Despite the solid growth outlook for Asia Pacific this year, policymakers in the region can’t be complacent. The region is still facing four significant policy challenges:

1. Inflation is still above target. Core inflation remains sticky and has become a more important driver of headline inflation recently, which may lead to more persistent inflation and wage pressure. Output gaps for Asian economies are either closing or already closed, and currency depreciation last year is still passing through to domestic prices. These factors suggest that the battle to contain inflation is not yet over. And yet, monetary tightening has slowed down or paused in most countries in the region. Given the still substantial inflation risk, we think monetary policy in the region may need to stay tighter for longer.



2. On financial risks, the global banking stress has had a limited impact on Asian markets so far. Direct exposures of Asian banks and investors to SVB were minimal, and we see Asian financial systems as being well-capitalized and profitable. In addition, as markets reprice the path for the Federal Funds rate, the US Treasury yield curve has fallen substantially. This has led to falling yields on Asian local-currency bonds and a strengthening of Asian currencies. Still, pockets of vulnerability remain, linked to high leverage and risks in the real estate sector. Financial supervisors will need to remain alert.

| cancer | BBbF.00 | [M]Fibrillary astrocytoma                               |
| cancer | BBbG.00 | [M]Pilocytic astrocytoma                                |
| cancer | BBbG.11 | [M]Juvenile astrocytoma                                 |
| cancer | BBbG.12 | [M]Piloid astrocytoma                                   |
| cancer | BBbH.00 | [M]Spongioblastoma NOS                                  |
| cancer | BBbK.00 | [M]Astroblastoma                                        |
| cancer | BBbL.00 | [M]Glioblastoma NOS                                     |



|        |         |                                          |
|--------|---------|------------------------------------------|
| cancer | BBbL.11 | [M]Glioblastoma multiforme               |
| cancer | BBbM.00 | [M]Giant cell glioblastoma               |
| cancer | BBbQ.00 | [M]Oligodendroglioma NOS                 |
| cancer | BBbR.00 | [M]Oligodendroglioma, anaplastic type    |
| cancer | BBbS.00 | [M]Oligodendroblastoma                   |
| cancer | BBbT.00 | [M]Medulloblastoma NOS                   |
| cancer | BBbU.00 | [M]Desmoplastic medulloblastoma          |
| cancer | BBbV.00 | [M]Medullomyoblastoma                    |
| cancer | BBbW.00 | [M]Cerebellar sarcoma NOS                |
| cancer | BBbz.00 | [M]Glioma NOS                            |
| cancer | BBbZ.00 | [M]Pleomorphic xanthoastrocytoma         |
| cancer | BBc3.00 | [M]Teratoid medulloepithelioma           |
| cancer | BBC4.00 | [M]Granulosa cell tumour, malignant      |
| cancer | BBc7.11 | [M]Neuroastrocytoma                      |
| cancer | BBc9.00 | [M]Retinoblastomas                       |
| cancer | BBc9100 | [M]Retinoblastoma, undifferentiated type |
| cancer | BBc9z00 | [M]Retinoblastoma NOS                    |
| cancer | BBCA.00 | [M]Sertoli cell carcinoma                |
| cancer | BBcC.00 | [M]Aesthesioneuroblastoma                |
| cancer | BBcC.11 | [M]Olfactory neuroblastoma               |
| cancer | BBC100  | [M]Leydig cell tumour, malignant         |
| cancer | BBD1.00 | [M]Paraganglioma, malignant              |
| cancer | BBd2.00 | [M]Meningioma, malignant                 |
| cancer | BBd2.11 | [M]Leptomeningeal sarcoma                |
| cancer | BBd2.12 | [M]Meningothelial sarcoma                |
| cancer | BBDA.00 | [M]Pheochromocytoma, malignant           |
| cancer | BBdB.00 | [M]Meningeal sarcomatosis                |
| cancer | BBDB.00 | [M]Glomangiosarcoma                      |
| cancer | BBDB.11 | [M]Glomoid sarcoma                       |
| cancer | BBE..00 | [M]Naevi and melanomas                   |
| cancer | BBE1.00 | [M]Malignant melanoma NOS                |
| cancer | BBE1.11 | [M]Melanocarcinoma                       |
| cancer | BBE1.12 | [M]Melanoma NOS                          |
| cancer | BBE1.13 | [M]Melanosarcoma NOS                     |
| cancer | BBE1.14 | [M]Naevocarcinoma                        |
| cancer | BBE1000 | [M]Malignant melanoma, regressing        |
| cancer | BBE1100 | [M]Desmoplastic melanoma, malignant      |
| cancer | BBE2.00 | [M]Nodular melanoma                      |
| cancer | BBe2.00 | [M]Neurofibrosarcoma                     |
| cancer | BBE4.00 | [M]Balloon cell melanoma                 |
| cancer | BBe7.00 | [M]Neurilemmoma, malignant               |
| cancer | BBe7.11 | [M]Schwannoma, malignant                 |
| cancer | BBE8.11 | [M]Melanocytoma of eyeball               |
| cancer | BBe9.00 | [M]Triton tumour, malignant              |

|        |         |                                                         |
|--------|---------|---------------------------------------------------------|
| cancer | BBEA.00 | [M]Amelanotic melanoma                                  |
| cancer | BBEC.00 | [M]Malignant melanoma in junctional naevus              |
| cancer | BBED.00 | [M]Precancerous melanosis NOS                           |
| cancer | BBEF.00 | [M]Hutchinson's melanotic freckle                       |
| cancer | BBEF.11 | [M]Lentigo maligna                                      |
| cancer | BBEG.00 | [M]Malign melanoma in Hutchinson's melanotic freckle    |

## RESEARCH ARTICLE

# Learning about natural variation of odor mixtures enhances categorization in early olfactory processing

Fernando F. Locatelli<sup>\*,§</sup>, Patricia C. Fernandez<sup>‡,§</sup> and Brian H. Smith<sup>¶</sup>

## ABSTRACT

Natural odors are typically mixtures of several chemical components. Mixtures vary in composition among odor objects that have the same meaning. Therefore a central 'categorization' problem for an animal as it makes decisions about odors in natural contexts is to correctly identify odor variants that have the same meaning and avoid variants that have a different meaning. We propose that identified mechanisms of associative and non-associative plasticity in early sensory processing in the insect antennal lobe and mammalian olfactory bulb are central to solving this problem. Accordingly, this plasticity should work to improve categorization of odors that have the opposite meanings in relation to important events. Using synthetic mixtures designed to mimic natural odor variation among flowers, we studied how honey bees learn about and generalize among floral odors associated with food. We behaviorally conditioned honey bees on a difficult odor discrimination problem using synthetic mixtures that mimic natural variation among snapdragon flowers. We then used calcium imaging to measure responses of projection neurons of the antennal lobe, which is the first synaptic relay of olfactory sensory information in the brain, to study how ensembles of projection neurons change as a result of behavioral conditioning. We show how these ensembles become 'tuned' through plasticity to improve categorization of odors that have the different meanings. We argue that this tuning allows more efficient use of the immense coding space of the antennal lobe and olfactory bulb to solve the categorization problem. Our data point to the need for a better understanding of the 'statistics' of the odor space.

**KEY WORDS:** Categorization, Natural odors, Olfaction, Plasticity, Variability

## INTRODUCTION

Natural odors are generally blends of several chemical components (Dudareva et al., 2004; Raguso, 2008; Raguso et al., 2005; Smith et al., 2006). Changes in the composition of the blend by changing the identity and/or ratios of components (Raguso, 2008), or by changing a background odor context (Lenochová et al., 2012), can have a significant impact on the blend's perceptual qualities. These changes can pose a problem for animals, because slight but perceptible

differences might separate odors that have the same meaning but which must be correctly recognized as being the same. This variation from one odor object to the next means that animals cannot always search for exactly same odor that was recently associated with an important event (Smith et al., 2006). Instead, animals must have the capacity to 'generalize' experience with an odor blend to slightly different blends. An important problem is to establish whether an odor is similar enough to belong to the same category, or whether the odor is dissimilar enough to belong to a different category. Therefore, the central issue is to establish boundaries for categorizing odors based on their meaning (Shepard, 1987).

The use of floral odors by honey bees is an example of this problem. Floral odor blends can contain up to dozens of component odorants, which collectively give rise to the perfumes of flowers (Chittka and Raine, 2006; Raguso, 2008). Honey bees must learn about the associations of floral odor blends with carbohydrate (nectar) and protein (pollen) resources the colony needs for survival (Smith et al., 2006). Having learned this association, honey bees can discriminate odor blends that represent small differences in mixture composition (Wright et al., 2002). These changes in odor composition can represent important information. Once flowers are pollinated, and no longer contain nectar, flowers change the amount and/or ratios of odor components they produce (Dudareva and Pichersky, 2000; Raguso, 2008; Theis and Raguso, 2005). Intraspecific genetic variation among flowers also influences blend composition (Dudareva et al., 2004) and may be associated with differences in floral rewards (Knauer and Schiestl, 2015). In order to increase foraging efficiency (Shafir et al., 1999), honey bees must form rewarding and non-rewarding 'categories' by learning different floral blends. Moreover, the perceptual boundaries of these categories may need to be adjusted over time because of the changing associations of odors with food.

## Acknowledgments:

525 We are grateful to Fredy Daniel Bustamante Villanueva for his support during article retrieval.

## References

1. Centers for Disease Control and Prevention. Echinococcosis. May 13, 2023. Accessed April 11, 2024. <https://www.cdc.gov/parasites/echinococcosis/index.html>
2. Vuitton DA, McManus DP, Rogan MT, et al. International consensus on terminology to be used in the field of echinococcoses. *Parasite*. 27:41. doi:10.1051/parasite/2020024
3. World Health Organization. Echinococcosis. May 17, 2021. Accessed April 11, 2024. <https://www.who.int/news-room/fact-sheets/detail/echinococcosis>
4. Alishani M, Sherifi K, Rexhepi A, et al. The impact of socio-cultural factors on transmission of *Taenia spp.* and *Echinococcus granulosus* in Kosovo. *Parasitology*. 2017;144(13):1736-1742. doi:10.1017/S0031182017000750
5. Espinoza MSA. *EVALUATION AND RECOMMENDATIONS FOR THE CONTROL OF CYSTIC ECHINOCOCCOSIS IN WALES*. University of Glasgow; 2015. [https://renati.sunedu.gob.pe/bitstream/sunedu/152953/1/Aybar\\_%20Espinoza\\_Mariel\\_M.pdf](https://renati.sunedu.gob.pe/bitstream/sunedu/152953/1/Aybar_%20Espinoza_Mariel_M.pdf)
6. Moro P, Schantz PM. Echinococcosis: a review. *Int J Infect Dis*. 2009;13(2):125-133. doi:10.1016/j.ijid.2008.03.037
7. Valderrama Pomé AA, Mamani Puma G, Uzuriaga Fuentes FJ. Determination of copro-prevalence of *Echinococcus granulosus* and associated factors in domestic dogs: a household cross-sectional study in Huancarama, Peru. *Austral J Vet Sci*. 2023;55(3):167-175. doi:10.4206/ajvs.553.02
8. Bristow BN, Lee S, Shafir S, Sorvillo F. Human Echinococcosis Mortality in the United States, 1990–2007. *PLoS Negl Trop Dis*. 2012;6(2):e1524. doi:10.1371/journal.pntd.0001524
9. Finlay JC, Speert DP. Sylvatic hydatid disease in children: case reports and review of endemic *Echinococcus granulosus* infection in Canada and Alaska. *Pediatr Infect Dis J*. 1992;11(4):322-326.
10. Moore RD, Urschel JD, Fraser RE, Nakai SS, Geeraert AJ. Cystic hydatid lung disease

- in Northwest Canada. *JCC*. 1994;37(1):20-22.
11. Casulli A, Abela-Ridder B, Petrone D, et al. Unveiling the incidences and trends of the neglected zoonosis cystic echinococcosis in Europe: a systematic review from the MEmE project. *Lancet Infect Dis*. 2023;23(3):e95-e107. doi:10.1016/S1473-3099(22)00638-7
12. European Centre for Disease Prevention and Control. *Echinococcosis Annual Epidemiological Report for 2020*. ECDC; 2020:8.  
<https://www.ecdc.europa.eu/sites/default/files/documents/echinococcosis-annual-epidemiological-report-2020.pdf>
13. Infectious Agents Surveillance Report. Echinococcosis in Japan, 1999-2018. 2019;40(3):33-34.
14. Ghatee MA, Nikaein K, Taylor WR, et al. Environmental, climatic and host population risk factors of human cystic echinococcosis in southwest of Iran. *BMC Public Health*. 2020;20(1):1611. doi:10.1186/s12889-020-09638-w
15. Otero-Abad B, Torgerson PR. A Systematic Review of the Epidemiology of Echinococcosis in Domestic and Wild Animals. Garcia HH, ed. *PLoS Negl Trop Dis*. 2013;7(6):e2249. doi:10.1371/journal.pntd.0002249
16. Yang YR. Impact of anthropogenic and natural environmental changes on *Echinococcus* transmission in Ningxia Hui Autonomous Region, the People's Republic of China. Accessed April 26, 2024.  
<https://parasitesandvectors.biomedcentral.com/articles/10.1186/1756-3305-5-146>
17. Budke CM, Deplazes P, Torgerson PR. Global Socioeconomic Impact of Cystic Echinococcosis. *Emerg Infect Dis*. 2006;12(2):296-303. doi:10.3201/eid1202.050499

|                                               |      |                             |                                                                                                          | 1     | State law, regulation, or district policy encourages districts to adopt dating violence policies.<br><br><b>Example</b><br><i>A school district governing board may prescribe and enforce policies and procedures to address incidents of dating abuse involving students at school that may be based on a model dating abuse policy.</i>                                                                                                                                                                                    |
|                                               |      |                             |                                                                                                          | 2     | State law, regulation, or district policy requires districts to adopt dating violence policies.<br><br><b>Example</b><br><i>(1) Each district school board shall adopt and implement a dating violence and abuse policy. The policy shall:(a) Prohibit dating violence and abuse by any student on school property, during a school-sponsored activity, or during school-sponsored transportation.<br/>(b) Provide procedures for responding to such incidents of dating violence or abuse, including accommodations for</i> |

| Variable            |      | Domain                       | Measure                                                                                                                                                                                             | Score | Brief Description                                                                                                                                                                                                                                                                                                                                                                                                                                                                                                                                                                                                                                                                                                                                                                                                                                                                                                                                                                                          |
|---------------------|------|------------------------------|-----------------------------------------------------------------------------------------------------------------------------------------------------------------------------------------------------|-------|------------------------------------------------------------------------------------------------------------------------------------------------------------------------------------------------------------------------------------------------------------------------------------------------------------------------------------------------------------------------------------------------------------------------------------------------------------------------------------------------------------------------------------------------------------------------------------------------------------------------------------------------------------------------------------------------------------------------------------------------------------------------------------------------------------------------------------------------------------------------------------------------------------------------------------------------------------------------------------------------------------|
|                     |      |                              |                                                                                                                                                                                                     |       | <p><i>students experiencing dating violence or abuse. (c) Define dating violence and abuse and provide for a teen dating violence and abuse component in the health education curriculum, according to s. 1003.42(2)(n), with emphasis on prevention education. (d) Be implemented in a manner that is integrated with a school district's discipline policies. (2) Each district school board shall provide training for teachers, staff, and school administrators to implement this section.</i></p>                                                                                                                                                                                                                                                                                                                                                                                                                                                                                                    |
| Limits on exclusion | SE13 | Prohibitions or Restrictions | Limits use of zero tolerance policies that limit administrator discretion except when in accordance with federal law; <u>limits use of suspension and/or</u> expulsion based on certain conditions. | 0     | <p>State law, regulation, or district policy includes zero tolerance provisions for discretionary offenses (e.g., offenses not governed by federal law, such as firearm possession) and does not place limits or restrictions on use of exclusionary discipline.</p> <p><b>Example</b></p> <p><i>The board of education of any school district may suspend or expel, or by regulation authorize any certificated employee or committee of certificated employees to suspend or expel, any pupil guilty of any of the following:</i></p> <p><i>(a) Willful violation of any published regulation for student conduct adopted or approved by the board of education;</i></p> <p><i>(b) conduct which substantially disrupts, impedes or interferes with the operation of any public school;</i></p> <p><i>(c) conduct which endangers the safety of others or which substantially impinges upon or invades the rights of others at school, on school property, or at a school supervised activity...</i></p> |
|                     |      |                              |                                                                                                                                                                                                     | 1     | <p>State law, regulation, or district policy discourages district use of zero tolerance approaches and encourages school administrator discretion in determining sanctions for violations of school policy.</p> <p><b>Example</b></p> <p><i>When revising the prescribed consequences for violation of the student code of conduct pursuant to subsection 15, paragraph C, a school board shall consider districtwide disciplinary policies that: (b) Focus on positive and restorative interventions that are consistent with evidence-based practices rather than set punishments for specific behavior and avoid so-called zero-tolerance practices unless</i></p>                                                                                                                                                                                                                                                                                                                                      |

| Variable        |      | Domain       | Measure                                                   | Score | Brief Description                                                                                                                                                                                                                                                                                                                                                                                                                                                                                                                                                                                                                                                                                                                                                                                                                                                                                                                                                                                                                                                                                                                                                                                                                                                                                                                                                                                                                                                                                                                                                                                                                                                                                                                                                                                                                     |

3. On fiscal policy, there are risks associated with high debt and rising interest rates. Public debt levels in the region have increased significantly compared to before the pandemic. Most governments in the region are expected to tighten fiscal budgets this year and next. However, the projected consolidation may not be enough to stabilize debt, and rising interest rates make the debt burden even more onerous.